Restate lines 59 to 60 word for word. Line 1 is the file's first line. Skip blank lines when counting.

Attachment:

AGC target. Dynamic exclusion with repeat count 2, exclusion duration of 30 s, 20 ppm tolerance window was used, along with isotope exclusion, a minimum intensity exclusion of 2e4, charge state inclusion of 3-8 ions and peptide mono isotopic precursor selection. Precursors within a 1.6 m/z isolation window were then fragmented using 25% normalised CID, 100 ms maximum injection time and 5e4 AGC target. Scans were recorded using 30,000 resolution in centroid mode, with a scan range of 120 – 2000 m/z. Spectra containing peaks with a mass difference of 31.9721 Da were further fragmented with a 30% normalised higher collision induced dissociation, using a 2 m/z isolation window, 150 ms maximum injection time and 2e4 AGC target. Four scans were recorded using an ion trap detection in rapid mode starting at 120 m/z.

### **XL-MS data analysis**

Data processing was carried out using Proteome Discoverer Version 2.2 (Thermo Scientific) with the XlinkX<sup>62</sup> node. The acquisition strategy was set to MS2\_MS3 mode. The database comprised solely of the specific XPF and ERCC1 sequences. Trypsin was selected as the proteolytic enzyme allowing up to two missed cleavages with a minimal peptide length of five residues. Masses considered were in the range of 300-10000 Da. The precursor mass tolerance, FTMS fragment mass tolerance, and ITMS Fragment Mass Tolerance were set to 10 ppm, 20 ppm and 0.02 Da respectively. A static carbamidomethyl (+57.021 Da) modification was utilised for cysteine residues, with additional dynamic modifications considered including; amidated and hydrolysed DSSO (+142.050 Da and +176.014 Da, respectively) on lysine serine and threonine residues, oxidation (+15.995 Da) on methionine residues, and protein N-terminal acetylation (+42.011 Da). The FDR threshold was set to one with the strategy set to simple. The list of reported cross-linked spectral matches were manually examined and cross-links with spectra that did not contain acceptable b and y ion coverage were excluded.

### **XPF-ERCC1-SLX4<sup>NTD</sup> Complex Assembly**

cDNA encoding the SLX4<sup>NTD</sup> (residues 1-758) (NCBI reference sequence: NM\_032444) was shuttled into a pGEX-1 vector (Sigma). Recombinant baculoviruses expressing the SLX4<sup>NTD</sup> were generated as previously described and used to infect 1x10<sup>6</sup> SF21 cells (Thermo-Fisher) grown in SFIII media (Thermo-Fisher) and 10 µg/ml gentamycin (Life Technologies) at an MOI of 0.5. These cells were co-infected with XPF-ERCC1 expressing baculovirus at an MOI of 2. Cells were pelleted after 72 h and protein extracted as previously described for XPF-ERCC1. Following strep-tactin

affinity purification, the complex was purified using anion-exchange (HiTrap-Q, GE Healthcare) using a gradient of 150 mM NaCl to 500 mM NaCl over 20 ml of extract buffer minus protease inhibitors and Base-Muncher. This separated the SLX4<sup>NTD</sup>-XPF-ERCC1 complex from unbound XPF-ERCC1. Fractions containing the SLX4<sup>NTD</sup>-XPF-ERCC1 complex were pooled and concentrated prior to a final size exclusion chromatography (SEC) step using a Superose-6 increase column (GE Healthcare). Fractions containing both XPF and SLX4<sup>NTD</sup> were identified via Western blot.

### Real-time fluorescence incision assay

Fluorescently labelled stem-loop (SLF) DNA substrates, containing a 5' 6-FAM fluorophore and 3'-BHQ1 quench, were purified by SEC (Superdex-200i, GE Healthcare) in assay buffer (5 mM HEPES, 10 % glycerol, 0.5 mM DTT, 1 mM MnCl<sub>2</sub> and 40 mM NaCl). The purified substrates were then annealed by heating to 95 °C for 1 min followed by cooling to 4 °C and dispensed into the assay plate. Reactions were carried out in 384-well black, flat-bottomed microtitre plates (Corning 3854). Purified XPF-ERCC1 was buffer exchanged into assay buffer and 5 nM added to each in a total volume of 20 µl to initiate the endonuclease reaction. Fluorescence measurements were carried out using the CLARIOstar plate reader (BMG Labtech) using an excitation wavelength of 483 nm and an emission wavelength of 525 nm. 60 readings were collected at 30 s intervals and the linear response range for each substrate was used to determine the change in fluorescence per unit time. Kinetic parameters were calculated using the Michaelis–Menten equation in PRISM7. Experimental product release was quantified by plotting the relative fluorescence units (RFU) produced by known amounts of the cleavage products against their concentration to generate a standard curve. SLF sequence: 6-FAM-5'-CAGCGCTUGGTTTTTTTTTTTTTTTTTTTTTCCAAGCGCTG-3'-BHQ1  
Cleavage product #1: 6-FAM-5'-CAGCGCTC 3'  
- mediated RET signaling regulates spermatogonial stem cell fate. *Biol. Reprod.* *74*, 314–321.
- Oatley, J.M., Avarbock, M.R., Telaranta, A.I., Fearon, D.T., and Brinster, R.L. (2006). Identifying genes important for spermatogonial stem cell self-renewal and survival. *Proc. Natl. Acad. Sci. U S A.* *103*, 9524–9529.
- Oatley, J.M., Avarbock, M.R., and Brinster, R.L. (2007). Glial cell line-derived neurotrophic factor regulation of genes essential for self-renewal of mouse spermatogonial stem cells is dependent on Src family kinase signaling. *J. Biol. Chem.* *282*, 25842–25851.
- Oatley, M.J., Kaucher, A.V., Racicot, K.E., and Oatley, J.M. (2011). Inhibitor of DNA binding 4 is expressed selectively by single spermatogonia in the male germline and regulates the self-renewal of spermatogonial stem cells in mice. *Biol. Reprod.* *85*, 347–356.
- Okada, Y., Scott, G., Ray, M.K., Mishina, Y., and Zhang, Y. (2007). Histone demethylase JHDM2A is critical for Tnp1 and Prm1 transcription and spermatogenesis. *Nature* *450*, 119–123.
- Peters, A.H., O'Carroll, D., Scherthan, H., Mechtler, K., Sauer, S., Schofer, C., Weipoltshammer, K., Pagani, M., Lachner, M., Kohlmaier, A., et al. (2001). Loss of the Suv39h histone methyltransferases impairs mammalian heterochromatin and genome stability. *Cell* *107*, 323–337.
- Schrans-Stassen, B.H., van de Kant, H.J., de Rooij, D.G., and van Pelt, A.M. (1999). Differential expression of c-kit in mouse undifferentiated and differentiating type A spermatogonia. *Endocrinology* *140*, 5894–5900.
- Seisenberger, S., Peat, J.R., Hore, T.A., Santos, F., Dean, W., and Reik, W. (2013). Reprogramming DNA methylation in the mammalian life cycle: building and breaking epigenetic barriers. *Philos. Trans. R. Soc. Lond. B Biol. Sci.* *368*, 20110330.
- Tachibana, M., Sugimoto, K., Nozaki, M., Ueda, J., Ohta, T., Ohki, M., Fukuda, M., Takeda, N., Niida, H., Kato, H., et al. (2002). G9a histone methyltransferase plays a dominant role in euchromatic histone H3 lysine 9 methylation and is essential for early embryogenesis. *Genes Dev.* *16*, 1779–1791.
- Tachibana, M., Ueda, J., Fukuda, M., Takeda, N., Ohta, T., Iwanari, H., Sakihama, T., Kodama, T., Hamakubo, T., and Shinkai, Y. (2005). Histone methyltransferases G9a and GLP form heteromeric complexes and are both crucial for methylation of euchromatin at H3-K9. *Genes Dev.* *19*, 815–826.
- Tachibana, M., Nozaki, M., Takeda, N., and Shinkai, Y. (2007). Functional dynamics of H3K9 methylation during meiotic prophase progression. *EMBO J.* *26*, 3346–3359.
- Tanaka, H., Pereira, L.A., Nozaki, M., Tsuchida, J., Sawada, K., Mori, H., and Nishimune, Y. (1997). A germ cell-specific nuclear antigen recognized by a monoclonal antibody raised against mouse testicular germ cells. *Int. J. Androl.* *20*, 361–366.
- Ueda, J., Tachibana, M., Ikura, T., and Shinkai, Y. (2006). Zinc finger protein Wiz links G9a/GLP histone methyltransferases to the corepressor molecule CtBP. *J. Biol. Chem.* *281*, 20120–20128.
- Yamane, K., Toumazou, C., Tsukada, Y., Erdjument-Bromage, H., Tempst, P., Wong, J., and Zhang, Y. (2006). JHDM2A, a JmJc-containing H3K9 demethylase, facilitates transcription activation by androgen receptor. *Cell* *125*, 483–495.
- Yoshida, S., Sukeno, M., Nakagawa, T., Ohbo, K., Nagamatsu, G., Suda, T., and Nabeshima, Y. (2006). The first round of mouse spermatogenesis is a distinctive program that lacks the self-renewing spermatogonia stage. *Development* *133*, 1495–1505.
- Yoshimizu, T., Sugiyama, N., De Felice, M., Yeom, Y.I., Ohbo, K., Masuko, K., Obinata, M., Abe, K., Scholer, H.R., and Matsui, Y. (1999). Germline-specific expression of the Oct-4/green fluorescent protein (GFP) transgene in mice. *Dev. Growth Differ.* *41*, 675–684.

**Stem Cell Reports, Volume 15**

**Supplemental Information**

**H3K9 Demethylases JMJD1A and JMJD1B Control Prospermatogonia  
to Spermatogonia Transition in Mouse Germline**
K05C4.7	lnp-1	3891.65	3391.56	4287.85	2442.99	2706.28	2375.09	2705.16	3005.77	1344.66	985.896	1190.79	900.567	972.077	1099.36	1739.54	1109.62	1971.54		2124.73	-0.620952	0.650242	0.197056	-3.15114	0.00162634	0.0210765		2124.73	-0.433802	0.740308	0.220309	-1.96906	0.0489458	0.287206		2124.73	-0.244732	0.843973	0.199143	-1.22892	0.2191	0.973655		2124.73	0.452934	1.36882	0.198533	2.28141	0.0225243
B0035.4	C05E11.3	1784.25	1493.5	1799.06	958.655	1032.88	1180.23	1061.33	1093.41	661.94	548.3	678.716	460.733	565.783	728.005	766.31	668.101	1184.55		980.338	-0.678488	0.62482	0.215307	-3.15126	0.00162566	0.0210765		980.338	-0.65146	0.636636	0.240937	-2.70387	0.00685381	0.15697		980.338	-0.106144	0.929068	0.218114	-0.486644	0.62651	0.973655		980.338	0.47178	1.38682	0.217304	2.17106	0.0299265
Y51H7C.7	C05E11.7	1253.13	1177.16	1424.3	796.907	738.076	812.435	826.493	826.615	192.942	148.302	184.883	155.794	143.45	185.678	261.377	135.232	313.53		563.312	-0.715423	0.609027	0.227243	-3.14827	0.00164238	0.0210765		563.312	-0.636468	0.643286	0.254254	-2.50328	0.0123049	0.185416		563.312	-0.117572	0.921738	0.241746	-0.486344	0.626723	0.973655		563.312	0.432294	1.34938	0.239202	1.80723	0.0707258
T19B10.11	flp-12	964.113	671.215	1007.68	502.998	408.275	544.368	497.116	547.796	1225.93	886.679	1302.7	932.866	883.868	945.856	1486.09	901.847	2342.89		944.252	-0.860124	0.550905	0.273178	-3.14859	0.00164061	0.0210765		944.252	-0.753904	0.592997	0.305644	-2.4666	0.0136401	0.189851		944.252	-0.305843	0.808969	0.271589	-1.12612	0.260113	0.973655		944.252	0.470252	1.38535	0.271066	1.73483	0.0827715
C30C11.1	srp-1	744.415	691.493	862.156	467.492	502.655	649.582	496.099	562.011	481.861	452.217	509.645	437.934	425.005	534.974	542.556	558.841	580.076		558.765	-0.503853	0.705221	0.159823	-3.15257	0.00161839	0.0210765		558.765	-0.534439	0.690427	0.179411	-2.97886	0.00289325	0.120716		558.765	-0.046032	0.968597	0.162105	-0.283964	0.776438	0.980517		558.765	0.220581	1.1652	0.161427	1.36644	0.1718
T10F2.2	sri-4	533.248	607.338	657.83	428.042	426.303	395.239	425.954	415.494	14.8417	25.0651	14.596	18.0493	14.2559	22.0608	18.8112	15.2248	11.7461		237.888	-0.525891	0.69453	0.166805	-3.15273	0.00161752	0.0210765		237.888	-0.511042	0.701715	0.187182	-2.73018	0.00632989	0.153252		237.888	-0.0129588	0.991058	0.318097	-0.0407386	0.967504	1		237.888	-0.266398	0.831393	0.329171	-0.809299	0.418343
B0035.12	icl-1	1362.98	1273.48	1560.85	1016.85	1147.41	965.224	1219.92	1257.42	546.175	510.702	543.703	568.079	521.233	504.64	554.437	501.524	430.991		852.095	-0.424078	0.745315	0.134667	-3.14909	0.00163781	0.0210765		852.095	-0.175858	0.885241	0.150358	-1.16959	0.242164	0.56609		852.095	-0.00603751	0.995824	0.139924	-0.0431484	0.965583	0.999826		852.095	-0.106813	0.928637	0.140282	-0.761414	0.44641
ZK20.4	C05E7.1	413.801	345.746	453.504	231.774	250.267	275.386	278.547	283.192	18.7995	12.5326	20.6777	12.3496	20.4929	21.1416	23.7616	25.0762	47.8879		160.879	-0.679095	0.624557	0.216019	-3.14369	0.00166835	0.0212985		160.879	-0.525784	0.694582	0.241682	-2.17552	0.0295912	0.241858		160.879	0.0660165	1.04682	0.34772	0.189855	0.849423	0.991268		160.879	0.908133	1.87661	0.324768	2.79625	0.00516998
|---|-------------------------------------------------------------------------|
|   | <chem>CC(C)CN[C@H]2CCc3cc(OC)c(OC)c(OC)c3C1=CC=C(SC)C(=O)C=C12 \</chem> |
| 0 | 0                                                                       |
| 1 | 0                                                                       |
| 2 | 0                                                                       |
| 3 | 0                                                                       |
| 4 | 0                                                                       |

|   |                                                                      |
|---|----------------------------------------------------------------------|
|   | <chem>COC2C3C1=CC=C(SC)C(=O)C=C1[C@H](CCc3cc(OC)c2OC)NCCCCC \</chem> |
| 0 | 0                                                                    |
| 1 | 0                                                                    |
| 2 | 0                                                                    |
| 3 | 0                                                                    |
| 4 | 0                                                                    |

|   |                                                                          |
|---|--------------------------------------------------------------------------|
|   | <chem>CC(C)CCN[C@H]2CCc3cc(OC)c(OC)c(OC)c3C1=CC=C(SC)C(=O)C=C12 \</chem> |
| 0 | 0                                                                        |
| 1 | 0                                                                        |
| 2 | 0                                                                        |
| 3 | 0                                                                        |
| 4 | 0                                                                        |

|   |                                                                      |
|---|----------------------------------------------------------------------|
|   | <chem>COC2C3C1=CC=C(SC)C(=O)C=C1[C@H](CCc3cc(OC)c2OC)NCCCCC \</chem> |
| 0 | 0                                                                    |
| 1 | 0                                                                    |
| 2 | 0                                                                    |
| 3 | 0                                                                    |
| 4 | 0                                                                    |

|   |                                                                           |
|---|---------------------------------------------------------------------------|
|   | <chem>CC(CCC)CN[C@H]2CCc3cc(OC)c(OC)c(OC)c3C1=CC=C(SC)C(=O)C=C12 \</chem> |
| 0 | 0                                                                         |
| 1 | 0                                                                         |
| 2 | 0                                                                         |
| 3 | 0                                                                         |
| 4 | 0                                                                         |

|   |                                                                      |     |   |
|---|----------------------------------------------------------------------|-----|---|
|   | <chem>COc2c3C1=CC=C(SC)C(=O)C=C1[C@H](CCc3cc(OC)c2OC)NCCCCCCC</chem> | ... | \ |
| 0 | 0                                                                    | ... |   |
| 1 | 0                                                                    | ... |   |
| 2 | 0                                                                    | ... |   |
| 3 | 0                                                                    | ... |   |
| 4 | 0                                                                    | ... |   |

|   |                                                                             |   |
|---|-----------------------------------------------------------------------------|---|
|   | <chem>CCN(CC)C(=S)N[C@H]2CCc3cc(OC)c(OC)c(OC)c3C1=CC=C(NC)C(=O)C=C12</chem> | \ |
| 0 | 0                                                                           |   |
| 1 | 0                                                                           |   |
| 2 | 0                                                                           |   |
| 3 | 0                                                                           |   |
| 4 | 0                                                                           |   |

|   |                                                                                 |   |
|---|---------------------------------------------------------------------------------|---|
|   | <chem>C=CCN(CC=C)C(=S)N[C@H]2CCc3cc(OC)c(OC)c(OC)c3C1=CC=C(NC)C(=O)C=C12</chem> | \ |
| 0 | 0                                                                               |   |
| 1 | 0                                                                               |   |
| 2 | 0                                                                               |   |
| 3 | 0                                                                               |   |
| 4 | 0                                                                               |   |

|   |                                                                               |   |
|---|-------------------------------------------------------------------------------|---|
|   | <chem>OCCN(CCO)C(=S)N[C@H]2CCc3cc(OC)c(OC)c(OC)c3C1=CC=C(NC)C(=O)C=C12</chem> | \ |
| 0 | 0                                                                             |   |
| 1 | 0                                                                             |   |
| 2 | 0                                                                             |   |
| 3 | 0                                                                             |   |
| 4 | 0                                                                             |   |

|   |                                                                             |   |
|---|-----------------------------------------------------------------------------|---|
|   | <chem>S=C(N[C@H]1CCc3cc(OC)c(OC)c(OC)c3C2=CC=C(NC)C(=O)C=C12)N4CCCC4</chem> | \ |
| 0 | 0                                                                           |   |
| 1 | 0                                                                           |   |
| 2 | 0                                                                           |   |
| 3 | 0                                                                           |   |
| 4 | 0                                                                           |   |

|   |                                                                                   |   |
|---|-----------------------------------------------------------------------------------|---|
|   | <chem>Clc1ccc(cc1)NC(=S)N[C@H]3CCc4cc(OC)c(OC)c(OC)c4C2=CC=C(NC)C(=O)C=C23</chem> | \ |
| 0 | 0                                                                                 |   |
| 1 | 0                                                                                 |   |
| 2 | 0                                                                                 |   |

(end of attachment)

| 3 | 0                                                                        |
| 4 | 0                                                                        |